In the meantime, it was already 13:30, the hottest time of the day, and I didn’t venture a second try crossing the Moors via another road because tomorrow afternoon I absolutely have to be in Hull for the ferry to Rotterdam. I decided it was safer to stay close to a railway line, and there are none at the other side of the Moors.
Some locals advised me to cycle to York (80 km) and take a train to Hull from there. This is what I did. I did not want to follow the Sustrans cycling route to York because it included very steep dustroads. The only alternative was following busy A-roads for about 30 km until Thirsk. Fortunately, I could cycle on a 50-cm-wide strip alongside the highway-like A19 so that I was not too much in the way of speeding cars and trucks.
After Thirsk I could follow quieter B-roads for the final 50 km to York. I intended to cycle another 30 km, when around 18 hrs the sky suddenly turned dark-gray. There was indeed a weather alert for thunder storms in the evening, so I stopped at the first campsite beyond Thirsk. Getting caught in a thunder storm was the last thing I wanted after such a tiring day.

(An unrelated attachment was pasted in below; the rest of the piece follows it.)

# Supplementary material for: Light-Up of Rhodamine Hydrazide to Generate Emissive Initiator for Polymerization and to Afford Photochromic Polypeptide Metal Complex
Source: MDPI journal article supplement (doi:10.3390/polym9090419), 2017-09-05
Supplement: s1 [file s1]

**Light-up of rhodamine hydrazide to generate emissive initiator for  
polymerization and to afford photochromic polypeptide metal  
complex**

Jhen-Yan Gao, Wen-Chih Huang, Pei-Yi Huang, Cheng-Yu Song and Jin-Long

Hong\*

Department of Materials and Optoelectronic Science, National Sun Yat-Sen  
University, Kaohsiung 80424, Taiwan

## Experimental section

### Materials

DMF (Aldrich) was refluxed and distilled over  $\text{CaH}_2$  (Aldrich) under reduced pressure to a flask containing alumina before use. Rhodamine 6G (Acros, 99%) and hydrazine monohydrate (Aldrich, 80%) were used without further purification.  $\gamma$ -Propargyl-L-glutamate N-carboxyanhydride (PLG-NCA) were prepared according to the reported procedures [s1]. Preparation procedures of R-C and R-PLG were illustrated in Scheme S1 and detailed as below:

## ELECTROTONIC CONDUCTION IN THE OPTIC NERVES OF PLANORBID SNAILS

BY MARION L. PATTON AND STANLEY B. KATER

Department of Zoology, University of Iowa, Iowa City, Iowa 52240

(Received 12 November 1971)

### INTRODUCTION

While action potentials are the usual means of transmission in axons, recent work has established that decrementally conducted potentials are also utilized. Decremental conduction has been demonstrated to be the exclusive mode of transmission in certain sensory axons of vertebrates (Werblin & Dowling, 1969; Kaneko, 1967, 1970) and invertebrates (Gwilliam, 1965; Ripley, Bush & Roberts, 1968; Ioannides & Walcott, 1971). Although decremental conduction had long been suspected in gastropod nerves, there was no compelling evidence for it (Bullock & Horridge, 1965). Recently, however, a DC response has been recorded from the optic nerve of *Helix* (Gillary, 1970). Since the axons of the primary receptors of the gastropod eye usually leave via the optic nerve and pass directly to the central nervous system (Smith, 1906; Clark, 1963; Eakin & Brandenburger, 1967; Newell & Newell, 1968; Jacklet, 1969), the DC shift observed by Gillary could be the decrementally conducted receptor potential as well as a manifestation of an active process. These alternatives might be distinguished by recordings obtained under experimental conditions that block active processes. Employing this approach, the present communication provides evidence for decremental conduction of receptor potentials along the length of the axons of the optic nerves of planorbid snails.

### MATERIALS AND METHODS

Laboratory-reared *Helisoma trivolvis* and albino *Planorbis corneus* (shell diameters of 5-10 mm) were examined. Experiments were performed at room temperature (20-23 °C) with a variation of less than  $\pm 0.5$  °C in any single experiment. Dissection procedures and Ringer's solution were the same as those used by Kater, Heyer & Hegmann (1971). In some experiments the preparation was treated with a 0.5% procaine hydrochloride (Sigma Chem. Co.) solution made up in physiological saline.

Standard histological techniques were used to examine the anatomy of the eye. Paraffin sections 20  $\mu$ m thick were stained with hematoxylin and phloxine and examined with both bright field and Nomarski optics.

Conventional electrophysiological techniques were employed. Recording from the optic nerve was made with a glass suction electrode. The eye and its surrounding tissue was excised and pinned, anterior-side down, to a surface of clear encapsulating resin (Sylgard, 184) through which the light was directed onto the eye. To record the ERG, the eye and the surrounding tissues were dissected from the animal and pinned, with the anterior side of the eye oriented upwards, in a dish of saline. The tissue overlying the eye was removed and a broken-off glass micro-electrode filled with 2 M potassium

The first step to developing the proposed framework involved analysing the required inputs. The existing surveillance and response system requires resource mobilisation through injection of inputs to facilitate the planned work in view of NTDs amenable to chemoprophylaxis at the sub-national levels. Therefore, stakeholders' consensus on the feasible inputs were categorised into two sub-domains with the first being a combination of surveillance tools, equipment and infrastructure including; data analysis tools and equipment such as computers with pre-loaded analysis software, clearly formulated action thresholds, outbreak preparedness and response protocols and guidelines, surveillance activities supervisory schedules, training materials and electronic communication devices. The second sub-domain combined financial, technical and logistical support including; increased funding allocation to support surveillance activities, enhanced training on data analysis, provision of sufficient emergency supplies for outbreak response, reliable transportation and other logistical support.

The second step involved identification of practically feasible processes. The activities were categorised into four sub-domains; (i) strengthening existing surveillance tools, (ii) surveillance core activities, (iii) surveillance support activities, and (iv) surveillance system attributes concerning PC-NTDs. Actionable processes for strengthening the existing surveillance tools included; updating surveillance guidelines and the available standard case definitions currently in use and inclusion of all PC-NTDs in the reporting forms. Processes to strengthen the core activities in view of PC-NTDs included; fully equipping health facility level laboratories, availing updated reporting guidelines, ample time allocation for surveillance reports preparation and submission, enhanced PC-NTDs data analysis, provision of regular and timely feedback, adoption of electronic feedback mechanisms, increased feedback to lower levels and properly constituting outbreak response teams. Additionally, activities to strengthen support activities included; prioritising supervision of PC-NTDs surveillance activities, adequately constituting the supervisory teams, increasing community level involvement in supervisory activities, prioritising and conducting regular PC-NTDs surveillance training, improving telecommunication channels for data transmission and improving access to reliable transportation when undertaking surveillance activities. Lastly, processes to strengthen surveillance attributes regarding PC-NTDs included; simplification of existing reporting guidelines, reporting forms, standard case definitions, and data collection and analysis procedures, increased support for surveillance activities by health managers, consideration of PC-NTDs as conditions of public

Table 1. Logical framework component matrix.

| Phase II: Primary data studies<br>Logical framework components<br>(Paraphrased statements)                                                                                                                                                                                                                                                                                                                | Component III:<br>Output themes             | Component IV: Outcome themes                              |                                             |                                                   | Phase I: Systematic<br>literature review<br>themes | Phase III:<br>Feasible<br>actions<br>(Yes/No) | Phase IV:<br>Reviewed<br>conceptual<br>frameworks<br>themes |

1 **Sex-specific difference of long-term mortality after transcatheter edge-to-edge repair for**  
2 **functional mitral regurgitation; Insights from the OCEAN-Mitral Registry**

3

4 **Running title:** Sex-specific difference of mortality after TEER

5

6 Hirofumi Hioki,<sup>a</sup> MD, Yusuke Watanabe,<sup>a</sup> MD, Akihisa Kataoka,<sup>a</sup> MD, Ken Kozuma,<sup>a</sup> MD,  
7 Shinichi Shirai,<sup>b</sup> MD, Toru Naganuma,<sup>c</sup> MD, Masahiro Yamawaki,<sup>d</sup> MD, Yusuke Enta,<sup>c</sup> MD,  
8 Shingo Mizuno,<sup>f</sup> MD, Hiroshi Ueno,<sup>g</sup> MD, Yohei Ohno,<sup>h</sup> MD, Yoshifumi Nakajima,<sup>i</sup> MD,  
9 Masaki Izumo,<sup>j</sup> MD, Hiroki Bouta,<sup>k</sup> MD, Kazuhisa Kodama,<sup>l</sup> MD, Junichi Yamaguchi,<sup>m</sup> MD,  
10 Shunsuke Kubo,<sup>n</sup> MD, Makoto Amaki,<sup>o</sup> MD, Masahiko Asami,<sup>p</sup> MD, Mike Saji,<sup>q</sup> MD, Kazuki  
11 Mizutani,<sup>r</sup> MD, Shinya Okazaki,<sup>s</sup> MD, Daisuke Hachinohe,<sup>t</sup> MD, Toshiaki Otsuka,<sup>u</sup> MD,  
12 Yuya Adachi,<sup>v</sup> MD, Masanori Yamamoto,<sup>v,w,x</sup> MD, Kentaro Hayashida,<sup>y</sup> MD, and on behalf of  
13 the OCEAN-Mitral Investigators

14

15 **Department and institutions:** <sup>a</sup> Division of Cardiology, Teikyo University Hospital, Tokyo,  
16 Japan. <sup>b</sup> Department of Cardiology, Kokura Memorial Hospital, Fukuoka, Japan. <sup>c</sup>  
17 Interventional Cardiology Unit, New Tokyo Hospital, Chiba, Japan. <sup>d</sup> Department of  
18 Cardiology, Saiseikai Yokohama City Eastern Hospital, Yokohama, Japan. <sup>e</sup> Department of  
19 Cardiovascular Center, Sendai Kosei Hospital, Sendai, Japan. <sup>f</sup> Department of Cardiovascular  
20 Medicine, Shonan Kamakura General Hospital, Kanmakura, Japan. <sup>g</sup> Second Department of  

So tomorrow I will have to get up early to cycle the final 50 km to York, where there is a direct train to Hull every hour. This should be doable.
And next year I will buy a good cycling GPS. No more surprises with GoogleMaps, no more Osmand maps that do not want to load when you most need them…
Wednesday August 28th : Thirsk – York (48 km)
After all, the threatening thunderstorm that made me hide in a campsite earlier than intended broke out around 10 pm, with lots of rain and a few thunder bolts. The showers stopped around 6 am, allowing me to stay dry during breakfast.